As I write this, my close friend Nate and I making a transition to the next chapter in our lives.  We are  launching our guide service – Brookdog Fishing Company.  Forms filed with the state of NY, tax identification number on hand, mailing address established, website built, etc. – ready to put clients on fish. This has been a goal for about a decade now but there was always something preventing us from getting things going. Finally making this dream a reality took a collision of circumstances and the courage to embrace the fear and excitement of moving into the unknown. Always looking for natural parallels to what we humans believe are monumental accomplishments, I could not help but picture schools of steelhead or smallmouth bass, living fat and comfortable in the depths of the great lakes, nudged by the transition of the seasons into their spawning run. Primal, instinctual, and I am sure a bit anxious, they do this with apparent ease – why can’t we?

The months leading up to my departure from active duty in the Marine Corps were stressful. So many decisions to make – do we rent or buy a home, what school should our daughter attend, where to bank, where do we get health and life insurance, etc. A non-military reader may think of those decisions as commonplace but to service members who have been in the military for a while, preparing for life after the military is the first time thinking about this stuff. Since graduating high school, we move frequently, deploy often, and spend huge chunks of time away from home on training exercises. We never really settle down and grow roots…somehow, we get used to this.

As the day grew closer for me to take the step into civilian life, I realized that my circumstances were not that different from the rest of the adult population. I read a lot of books and articles about making life changes and learned that the average American changes jobs every 3-4 years and makes about 2-3 career changes in their working life. Huge portions of the population clock in and out of work, getting used to the grind, mortgaging their free time to spend it doing what they would rather do. I also learned that it is often a crisis (getting fired or laid off, family circumstances, injuries, etc.) that cause these changes instead of a conscious decision to follow a dream or passion. This reminded me of a scene in, “Up in the Air,” when George Clooney asks J.K. Simmons how much his company paid him to give up on his dreams. It also reminded me of the numerous times I told fly fishing guides around the continent that they had the best job in the world. How can I say something like this yet keep following the same path? Why is it so hard to just go for it?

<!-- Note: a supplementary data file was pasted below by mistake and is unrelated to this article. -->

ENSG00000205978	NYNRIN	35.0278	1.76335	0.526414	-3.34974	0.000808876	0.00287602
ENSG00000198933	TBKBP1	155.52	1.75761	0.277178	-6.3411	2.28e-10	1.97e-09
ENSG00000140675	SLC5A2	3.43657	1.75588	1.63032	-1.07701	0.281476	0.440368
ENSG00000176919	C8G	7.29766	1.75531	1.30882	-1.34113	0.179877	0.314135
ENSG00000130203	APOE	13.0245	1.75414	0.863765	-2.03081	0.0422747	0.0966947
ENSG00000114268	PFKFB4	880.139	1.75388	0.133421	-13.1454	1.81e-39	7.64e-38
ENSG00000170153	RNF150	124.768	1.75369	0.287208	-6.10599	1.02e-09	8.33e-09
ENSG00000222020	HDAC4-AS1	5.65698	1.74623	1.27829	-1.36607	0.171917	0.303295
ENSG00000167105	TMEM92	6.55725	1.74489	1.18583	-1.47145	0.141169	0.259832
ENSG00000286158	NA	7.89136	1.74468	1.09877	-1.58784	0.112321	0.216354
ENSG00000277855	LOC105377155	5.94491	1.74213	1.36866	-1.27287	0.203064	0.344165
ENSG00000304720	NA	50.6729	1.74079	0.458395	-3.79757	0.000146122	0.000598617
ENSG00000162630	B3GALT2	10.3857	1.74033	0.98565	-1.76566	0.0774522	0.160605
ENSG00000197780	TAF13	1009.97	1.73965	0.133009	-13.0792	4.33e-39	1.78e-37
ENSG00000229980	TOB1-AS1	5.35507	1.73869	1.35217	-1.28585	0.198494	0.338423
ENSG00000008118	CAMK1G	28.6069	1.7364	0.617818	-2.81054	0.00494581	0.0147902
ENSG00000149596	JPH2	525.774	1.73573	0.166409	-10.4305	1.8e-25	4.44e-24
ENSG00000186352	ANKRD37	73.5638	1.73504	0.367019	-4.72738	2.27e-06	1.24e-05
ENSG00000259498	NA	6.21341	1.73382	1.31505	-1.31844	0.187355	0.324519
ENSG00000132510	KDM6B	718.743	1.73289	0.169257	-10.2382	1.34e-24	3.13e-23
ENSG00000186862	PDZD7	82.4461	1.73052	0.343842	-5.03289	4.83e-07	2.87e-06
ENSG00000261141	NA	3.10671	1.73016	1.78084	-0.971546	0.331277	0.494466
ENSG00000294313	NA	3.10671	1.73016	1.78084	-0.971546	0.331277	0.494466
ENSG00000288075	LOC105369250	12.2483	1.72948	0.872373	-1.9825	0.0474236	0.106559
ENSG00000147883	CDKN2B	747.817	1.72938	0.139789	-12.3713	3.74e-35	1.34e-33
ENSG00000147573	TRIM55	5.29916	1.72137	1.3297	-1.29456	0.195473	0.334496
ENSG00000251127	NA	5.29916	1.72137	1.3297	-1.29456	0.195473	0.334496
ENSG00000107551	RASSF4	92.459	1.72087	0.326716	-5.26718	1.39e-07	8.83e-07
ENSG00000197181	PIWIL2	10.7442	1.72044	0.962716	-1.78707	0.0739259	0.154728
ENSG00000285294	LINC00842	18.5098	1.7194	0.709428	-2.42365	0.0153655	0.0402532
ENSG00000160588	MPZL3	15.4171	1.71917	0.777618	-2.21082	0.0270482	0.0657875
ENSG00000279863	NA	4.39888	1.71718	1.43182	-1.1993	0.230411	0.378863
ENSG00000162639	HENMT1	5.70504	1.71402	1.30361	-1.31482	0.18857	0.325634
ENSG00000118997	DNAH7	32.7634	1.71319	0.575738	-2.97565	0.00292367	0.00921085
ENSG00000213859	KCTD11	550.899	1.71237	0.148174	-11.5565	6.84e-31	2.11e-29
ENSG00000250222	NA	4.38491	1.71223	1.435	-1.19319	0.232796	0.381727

The answers to these questions are as diverse as the people who ask them. In trying to craft my response, I have become very aware that MANY others dared greatly before me – starting their own guiding and outfitting services, fly shops, equipment lines, etc. I have had the privilege of meeting some of these pioneers and they provided a source of inspiration, a nudge in the right direction, and much needed mentorship to establish a professional business. Put in the context of what is now a huge industry, there is nothing truly monumental about the establishment of Brookdog Fishing Company – we are a single fish in a huge school – so it should not have been so emotionally taxing to make this career move. Like fresh chrome to their imprinted river, a transition from working to live to pursuing a passion shouldn’t cause anxiety, it should flow naturally, instinctually, one only needs to allow it to happen. Win or lose, it will build character and leave you with a great story to tell. There is probably a natural law to all of this – pursue your passion passionately, and the rest will fall in place.